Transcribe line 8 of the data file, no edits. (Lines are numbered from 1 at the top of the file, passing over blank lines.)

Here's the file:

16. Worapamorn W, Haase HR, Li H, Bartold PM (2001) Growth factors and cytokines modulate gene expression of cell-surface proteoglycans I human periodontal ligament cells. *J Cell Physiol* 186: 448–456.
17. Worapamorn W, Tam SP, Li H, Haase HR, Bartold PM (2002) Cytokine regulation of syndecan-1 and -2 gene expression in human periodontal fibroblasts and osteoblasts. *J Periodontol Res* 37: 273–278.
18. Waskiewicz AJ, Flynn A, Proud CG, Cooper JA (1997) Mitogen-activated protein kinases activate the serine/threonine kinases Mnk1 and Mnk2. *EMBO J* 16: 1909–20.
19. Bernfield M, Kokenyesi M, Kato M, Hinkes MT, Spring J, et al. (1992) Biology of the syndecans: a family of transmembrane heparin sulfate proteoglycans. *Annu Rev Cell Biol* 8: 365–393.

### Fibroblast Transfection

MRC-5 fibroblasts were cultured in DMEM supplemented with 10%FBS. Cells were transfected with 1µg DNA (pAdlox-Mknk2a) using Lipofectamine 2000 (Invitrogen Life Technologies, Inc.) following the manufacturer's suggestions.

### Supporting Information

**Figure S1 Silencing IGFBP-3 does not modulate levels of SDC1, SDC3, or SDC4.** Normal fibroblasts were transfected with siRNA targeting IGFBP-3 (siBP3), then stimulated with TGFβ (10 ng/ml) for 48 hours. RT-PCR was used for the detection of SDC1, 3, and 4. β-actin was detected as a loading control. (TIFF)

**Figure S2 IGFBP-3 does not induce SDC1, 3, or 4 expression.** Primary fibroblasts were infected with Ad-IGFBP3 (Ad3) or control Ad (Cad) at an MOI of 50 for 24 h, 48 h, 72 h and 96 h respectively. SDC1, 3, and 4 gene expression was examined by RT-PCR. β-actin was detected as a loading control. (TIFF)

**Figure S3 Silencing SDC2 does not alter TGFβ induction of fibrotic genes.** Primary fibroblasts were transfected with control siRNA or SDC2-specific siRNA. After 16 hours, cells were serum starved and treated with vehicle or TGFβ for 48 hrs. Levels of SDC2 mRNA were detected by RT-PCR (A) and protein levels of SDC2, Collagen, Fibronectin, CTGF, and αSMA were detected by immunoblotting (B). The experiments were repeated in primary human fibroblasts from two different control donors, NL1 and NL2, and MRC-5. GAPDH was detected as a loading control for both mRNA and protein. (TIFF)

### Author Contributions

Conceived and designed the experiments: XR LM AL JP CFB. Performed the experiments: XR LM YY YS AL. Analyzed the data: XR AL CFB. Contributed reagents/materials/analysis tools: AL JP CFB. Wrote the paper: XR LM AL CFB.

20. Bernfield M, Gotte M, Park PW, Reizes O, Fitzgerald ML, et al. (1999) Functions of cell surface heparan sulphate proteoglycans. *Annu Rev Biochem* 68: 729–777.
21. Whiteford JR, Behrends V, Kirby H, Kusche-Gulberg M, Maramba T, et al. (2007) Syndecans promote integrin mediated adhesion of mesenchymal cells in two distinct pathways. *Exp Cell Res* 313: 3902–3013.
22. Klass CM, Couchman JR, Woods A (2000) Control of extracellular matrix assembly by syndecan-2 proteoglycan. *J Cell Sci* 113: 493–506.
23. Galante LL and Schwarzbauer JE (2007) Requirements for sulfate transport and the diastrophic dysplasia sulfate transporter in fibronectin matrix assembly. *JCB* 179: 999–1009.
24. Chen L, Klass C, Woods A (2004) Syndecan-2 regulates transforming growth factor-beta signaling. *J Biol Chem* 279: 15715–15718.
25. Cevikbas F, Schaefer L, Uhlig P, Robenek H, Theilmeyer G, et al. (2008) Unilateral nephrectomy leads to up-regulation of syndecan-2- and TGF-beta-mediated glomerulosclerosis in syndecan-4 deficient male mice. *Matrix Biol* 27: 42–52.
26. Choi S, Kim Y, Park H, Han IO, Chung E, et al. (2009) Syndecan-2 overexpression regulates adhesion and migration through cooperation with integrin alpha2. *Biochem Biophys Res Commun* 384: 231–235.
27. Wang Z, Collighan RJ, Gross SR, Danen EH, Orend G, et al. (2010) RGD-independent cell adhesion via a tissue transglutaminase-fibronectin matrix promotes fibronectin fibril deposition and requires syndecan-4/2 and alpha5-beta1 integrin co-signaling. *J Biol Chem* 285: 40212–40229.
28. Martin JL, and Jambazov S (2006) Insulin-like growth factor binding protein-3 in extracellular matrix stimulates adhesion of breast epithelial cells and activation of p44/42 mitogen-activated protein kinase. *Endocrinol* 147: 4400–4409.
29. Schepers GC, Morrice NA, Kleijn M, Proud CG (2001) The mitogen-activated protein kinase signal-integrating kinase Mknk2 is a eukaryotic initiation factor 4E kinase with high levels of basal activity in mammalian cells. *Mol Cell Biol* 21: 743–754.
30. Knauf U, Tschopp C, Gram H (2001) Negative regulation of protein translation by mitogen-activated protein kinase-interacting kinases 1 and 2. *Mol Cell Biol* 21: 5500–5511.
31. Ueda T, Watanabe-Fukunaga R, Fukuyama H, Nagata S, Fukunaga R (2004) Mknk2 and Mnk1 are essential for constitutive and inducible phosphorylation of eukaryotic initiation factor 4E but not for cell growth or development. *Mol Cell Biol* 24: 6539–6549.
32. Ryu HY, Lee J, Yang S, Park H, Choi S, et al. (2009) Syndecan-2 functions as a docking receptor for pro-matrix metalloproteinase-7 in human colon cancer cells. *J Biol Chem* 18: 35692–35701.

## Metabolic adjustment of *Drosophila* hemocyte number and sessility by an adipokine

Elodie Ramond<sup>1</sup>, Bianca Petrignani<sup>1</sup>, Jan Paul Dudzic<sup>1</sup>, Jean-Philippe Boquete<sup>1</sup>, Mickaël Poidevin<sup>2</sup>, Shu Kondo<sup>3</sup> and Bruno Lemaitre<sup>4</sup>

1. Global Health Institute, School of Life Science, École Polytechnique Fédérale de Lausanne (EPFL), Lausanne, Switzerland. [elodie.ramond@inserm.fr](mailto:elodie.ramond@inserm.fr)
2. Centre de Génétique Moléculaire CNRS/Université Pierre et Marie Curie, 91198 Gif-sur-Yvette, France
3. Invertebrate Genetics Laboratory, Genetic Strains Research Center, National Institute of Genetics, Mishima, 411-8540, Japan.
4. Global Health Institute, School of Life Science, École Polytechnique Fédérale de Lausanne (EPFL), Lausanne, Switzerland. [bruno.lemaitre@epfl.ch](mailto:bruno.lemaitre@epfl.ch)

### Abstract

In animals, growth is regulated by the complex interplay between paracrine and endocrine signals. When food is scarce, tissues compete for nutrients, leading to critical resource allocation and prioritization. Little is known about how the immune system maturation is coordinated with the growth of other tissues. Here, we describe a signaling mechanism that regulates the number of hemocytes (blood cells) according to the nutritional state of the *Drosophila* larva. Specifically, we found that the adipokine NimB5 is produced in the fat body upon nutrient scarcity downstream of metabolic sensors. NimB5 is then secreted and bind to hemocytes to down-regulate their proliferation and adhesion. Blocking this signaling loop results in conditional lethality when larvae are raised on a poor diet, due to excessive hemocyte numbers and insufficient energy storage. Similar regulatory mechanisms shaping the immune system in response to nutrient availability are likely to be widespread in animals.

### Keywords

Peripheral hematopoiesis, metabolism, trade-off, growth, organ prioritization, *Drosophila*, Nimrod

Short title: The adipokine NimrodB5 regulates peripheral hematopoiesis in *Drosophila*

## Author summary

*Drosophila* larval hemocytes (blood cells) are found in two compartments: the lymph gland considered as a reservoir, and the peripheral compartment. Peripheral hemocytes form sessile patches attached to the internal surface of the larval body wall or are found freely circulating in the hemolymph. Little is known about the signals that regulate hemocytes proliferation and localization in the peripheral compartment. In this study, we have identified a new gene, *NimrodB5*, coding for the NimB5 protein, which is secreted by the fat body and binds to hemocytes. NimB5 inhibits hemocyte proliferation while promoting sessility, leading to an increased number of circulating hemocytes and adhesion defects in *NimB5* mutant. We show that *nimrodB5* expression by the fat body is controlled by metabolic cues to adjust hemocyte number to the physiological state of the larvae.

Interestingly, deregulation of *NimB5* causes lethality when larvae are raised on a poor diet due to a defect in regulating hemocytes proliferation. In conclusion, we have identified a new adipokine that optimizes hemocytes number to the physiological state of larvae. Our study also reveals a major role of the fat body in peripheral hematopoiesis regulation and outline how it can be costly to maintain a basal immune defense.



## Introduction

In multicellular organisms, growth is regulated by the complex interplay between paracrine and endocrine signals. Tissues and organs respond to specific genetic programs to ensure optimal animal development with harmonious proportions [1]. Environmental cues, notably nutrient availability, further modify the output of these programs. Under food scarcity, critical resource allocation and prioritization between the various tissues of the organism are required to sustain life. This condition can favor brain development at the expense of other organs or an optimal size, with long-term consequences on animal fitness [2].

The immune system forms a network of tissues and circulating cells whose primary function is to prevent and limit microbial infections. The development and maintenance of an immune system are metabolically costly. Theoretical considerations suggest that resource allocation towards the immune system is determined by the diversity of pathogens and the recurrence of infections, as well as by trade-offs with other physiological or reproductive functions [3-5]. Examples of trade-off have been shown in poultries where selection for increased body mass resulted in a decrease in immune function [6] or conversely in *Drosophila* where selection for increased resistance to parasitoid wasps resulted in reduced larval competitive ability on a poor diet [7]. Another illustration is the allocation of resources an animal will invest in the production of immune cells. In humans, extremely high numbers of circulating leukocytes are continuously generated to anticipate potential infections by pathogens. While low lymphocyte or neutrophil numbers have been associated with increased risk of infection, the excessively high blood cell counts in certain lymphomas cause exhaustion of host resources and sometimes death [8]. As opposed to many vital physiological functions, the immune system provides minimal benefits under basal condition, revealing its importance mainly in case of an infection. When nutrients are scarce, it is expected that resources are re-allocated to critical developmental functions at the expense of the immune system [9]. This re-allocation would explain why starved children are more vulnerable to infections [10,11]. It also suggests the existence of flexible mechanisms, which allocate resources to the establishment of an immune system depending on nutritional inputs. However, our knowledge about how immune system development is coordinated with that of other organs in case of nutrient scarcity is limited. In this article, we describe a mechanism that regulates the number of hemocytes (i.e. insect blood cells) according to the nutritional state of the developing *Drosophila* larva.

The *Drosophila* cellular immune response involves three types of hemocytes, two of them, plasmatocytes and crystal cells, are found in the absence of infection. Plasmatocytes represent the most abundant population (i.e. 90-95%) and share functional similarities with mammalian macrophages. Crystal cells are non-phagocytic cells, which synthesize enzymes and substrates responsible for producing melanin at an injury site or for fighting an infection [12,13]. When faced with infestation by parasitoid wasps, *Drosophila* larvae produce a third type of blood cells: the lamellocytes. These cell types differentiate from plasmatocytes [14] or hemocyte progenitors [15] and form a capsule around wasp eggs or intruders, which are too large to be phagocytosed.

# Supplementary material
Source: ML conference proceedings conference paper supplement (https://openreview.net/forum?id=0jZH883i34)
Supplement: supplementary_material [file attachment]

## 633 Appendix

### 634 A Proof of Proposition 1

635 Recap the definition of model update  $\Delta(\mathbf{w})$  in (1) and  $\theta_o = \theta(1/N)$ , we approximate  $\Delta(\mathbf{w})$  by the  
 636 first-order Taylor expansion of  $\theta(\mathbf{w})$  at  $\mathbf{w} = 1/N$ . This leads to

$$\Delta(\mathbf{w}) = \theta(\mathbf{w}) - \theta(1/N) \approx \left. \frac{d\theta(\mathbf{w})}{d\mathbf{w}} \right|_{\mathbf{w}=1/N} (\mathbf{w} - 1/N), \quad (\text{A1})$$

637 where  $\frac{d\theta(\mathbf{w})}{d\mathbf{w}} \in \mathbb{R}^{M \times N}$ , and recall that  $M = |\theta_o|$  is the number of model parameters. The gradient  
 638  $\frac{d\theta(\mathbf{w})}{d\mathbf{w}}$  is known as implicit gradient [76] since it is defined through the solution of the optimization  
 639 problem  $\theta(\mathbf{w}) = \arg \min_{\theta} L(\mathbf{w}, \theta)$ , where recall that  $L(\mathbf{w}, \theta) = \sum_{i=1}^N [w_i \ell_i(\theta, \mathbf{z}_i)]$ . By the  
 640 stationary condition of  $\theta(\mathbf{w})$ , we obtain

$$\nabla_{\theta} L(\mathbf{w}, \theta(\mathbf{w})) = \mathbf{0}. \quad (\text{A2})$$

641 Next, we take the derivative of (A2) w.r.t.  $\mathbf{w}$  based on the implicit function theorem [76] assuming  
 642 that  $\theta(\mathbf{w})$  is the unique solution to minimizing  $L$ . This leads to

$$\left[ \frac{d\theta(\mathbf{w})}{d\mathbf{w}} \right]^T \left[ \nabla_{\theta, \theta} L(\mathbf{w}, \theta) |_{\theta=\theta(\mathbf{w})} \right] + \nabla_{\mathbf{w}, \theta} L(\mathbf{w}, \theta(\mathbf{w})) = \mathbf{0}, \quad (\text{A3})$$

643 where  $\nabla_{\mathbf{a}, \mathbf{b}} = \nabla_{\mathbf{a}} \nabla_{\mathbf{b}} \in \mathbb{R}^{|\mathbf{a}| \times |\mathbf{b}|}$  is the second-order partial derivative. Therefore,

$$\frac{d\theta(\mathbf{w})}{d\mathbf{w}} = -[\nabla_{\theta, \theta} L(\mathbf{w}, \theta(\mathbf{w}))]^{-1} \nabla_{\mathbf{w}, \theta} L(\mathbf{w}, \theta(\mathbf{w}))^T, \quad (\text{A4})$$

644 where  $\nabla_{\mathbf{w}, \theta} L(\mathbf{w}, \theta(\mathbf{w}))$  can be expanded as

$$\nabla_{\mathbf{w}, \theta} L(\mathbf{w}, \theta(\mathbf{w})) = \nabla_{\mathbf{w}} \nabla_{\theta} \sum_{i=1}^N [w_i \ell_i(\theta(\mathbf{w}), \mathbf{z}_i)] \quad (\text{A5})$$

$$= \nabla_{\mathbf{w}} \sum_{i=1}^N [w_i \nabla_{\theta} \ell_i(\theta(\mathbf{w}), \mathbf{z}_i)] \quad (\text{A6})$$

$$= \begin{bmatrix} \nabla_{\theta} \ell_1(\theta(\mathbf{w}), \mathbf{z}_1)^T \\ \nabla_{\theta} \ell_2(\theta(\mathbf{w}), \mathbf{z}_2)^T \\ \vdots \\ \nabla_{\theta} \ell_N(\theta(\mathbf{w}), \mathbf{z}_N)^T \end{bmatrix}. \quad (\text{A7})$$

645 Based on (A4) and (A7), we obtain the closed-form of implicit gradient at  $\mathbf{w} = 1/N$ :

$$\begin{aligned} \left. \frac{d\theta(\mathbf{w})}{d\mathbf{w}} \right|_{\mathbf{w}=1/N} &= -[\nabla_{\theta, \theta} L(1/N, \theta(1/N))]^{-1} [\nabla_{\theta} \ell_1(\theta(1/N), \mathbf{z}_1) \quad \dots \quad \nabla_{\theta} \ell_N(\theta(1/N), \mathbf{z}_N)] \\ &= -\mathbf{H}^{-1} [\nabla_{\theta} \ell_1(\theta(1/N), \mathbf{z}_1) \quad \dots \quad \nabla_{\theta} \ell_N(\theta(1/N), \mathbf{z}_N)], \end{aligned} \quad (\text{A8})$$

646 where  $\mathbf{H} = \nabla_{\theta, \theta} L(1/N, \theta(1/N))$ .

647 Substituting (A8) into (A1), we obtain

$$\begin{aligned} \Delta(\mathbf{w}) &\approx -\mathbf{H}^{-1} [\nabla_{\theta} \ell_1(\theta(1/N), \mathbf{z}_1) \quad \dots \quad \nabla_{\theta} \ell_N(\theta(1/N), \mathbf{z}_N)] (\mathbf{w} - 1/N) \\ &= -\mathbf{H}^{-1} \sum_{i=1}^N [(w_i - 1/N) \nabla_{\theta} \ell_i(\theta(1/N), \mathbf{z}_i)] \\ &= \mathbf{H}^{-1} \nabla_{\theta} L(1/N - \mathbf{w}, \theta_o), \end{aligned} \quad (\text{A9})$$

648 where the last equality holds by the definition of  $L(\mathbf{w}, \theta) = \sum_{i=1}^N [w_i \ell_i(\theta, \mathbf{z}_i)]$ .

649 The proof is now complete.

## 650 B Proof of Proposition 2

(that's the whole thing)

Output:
**Figure S1 Silencing IGFBP-3 does not modulate levels of SDC1, SDC3, or SDC4.** Normal fibroblasts were transfected with siRNA targeting IGFBP-3 (siBP3), then stimulated with TGFβ (10 ng/ml) for 48 hours. RT-PCR was used for the detection of SDC1, 3, and 4. β-actin was detected as a loading control. (TIFF)